Collaborative Performance would be a character-based category. It would be distinct from actor, actress, supporting actor and supporting actress. It would also be distinct from special effects and special makeup, which honor excellence in design and technique for whole films, not just a particular character.

The actor and the heads of any relevant filmmaking departments would be cited in a Collaborative Performance nomination. The actor's name would come first.

nullFor example: "The Oscar for Outstanding Collaborative Performance of 1980 goes to: Yoda in The Empire Strikes Back. Frank Oz, performance and voice; Jim Henson's Creature Shop, fabrication; Industrial Light and Magic, motion control."

Or: "The Oscar for Outstanding Collaborative Performance of 2011 goes to Caesar in Rise of the Planet of the Apes. Andy Serkis, performance and voice; Weta Digital, motion capture and computer-generated imagery."

I don't know precisely how a Collaborative Performance category might be administered, which branches of the Academy would choose it or vote for it, or which individuals or groups might be eligible to win it. I don't know how many nominees there should be, either — although considering the large number of special-effects driven movies being made every year, I bet you could find at least three characters worthy of nomination.

What I do know is that awards groups should find a way to honor one of the most potent sources of magic throughout movie history: the Collaborative Performance.


Matt Zoller Seitz is the staff TV columnist for New York Magazine and the founder of Press Play. Steven Santos is a freelance TV editor/filmmaker based who has cut docu-series for cable networks such as MTV, The Travel Channel, The Biography Channel, The Science Channel and Animal Planet.



[Editor's Note: Press Play is proud to present Chapter 5 of our first video essay series in direct partnership with IndieWire: Magic and Light: The Films of Steven Spielberg.  This series examines facets of Spielberg's movie career, including his stylistic evolution as a director, his depiction of violence, his interest in communication and language, his portrayal of authority and evil, and the importance of father figures — both present and absent — throughout his work.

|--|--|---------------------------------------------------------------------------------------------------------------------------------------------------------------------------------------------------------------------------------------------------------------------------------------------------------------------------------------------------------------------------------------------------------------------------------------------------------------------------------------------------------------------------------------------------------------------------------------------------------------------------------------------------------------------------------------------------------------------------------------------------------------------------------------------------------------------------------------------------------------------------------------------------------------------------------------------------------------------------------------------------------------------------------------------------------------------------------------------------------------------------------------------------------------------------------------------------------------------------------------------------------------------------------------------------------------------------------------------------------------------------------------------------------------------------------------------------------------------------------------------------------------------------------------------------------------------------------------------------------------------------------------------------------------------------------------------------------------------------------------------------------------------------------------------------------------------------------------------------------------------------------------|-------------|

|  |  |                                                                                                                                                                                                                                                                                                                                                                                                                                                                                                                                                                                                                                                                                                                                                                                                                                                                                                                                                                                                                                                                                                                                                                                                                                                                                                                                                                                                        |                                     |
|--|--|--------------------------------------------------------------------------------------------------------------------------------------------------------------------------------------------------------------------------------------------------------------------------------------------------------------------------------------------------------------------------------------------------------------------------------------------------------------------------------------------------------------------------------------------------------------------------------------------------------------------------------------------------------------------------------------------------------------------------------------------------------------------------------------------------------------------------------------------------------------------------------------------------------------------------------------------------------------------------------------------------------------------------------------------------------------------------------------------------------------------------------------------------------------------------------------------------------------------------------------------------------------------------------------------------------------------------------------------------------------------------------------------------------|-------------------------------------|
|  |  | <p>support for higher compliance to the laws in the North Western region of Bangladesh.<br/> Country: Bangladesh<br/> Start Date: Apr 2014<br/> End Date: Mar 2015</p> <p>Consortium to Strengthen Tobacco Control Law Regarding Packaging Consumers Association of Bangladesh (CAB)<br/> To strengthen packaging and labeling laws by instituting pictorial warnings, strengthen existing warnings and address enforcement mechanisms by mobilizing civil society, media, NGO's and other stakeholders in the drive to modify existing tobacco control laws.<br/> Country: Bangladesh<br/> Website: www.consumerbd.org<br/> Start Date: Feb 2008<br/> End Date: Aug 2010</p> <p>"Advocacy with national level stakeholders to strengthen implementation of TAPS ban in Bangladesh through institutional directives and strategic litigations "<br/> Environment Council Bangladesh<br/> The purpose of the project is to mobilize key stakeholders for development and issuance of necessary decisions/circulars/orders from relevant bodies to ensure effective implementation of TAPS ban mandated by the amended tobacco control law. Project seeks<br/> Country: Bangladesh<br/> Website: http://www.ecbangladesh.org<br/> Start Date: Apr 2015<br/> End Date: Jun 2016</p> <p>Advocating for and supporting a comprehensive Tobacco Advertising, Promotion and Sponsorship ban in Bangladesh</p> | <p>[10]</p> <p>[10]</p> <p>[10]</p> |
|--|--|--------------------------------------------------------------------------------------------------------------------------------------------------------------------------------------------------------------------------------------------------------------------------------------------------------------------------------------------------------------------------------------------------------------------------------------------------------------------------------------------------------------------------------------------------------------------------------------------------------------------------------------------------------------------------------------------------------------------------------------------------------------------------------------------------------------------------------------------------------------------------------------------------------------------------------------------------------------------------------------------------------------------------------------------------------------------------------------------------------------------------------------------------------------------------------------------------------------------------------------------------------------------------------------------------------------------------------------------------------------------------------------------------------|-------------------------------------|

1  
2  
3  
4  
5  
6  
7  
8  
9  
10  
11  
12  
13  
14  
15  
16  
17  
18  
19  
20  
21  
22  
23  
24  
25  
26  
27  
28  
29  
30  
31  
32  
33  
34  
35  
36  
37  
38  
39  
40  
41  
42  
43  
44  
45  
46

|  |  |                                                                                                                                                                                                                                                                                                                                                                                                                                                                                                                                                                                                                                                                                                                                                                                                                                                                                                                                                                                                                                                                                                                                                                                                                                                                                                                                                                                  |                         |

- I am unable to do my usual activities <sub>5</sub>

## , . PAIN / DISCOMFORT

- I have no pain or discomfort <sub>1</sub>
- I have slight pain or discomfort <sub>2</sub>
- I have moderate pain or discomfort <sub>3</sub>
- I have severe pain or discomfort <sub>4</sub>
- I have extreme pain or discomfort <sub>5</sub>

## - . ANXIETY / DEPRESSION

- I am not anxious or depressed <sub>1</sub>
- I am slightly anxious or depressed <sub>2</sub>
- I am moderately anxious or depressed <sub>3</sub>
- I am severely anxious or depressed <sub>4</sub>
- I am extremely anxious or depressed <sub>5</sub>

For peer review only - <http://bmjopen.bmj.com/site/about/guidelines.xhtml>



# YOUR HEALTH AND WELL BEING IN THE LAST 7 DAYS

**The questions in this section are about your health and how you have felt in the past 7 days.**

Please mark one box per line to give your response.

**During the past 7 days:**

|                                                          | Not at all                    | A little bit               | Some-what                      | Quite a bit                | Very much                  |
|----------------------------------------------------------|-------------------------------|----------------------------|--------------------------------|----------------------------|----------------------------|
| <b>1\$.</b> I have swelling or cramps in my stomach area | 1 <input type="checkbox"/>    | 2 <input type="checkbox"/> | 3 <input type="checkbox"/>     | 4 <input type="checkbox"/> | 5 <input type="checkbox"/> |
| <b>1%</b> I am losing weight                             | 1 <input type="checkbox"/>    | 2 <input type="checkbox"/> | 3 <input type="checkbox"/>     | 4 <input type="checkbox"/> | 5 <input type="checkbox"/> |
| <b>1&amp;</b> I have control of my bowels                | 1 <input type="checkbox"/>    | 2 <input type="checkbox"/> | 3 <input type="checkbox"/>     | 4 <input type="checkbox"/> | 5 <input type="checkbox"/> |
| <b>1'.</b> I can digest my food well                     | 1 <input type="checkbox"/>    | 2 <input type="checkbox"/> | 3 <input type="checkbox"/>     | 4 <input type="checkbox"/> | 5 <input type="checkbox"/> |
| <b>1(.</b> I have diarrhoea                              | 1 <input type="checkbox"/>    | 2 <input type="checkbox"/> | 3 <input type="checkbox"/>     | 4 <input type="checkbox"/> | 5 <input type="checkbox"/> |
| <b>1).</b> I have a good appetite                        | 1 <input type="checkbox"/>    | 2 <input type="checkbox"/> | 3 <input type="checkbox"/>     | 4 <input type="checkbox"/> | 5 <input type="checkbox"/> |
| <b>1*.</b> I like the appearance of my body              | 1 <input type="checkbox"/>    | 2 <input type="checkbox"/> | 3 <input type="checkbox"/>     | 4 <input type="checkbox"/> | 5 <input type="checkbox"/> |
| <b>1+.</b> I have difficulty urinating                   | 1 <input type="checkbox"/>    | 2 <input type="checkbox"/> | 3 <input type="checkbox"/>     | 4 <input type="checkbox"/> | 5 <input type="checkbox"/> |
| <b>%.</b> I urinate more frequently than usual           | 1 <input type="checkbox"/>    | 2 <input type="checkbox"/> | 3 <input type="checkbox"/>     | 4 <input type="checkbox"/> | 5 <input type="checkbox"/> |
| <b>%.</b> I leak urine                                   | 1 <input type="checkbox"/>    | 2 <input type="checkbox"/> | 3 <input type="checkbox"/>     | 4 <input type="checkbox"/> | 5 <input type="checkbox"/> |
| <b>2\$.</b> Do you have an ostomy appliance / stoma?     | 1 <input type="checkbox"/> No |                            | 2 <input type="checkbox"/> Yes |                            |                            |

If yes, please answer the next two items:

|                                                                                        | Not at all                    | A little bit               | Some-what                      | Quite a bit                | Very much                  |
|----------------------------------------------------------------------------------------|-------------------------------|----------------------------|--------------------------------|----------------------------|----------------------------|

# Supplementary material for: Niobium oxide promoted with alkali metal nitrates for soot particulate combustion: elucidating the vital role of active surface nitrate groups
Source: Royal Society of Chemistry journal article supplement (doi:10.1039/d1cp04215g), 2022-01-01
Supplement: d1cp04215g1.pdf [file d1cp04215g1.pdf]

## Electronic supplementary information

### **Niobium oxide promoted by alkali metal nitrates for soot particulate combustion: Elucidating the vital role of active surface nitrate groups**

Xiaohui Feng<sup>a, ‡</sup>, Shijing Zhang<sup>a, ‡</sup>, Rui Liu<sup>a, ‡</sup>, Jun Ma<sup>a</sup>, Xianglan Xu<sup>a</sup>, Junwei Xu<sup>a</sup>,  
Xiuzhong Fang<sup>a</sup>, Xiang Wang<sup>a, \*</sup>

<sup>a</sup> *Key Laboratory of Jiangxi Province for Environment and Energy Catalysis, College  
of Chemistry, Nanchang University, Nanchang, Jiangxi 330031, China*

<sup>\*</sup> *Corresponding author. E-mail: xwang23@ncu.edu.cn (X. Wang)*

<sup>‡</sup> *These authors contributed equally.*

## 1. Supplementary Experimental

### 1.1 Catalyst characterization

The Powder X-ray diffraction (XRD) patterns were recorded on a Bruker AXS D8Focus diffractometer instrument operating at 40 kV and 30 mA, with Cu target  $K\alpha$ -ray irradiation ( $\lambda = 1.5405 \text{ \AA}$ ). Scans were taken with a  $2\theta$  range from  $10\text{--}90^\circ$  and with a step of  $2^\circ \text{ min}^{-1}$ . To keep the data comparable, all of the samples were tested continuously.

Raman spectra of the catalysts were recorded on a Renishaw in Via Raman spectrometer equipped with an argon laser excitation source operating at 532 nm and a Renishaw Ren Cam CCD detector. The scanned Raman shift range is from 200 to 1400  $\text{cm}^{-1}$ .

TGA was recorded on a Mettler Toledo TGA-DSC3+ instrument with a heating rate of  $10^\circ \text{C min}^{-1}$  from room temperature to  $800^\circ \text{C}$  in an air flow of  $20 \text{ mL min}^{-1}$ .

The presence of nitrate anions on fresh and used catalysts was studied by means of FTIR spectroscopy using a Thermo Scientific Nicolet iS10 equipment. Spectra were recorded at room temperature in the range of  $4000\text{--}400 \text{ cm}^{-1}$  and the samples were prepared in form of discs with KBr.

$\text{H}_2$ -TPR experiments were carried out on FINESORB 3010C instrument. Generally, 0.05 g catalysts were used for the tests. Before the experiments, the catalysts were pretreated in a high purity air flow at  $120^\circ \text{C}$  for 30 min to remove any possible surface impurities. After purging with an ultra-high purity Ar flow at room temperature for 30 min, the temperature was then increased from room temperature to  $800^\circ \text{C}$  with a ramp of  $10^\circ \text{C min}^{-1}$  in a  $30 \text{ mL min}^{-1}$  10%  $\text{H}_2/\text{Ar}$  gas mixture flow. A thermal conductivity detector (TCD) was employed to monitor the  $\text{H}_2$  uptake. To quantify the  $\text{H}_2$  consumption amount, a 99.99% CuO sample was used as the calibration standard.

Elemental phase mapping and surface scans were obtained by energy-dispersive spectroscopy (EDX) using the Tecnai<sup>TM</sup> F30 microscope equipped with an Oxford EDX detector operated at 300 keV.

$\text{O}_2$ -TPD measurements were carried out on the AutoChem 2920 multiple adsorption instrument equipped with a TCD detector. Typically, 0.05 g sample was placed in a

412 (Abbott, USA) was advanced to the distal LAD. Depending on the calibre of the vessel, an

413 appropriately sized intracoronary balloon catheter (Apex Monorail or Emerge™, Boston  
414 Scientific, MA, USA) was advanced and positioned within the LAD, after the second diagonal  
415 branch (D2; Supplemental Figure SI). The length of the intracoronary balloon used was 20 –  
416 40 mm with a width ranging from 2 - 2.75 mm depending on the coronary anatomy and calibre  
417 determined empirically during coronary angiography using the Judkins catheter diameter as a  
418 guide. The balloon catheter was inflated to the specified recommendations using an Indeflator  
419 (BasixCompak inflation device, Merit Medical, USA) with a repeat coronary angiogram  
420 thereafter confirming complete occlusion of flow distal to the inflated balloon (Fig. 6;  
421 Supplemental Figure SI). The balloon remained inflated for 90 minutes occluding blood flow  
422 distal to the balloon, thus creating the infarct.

Magic and Light is produced by Press Play founder and Salon TV critic Matt Zoller Seitz and coproduced and narrated by Ali Arikan, chief film critic of Dipknot TV, Press Play contributor, and one of Roger Ebert's Far Flung Correspondents. The Spielberg series brings many of Press Play's writers and editors together on a single long-form project. Individual episodes were written by Seitz, Arikan, Simon Abrams and Aaron Aradillas, and cut by Steven Santos, Serena Bramble, Matt Zoller Seitz, Richard Seitz and Kevin B. Lee. To watch Magic and Light: The Films of Steven Spielberg Chapter 1: Introduction, go here. To watch Magic and Light: The Films of Steven Spielberg Chapter 2: Blood & Pulp, go here.  To watch Magic and Light: The Films of Steven Spielberg, Chapter 3: Communication, click here. To watch Magic and Light: The Films of Steven Spielberg, Chapter 4: Evil & Authority, click here.]


Steven Spielberg is the product of The Greatest Generation — a Baby Boomer raised on idealized images of the nuclear family, progress, and American might. He is also a child of divorce — a dreamer from a broken home. Spielberg’s attempt to reconcile these two biographical facts—the mythic ideal of the family, and the reality of its dismantling—has been at the heart of many of his films. Spielberg’s movies often focus on a real or makeshift family unit, banding together to fight an outside force that threatens to tear it apart. At the head of this makeshift family, there is often a father figure imparting wisdom to his charges, or being forced to confront his shortcomings as a protector. Often both.

nullIn Jaws Roy Scheider’s Chief Brody is the father figure to a tightly-knit summer community being terrorized by a Great White Shark. The scene where his son mimics his gestures tells us he’s a loving, good father who will do anything to keep his family – and his community – safe.

The film’s second half shows Brody becoming part of a makeshift family of shark hunters, with World War II veteran Quint taking over as protector of the landlubber police chief and the rich-kid, know-it-all oceanographer, Hooper.

The trio of Quint, Brody and Hooper  feels like a makeshift family unit: an impetuous, sarcastic younger brother, a tougher, wiser older brother, and their boozing, cantankerous, tinpot dictator dad.

At first, Brody and Hooper question Quint’s methods as well as his manner. The old sea captain is a gruff taskmaster. He’s slobblish, domineering and rude. He is also quite mad.

nullBut when the men sit around drinking and talking we learn the source of Quint’s insanity. He tells them of how he survived the sinking of the USS Indianapolis, the naval vessel that an atomic bomb that helped the United States defeat Japan in World War II. They were ultimately successful — but the mission is famous mainly for having its crew picked off by ravenous sharks.

Quint’s ordeal trumps anything Brody or Hooper will ever experience. And it seems to make a deep impression on them. Although they never stop resenting Quint’s sourness or fearing his craziness, they appreciate his toughness, and learn to work with him. They are members of the younger generation learning to respect a seasoned elder because they are, so to speak, all on the same boat.

And when the father dies horribly — leaving the boat adrift at sea, and the mission figuratively adrift – it is up to the sons to complete the mission.

In Saving Private Ryan, Captain Miller is an unofficial father figure to a mostly young group of Army Rangers. He’s given the public relations-burnishing task of finding and extracting the last surviving member of a group of brothers who were all killed fighting the Germans. Miller wonders if this mission is worth the price. For every man he’s lost in his command, Miller figures he’s saved maybe 10, 20. Now he’s been asked to put his entire platoon—his family—in harm’s way to save just one.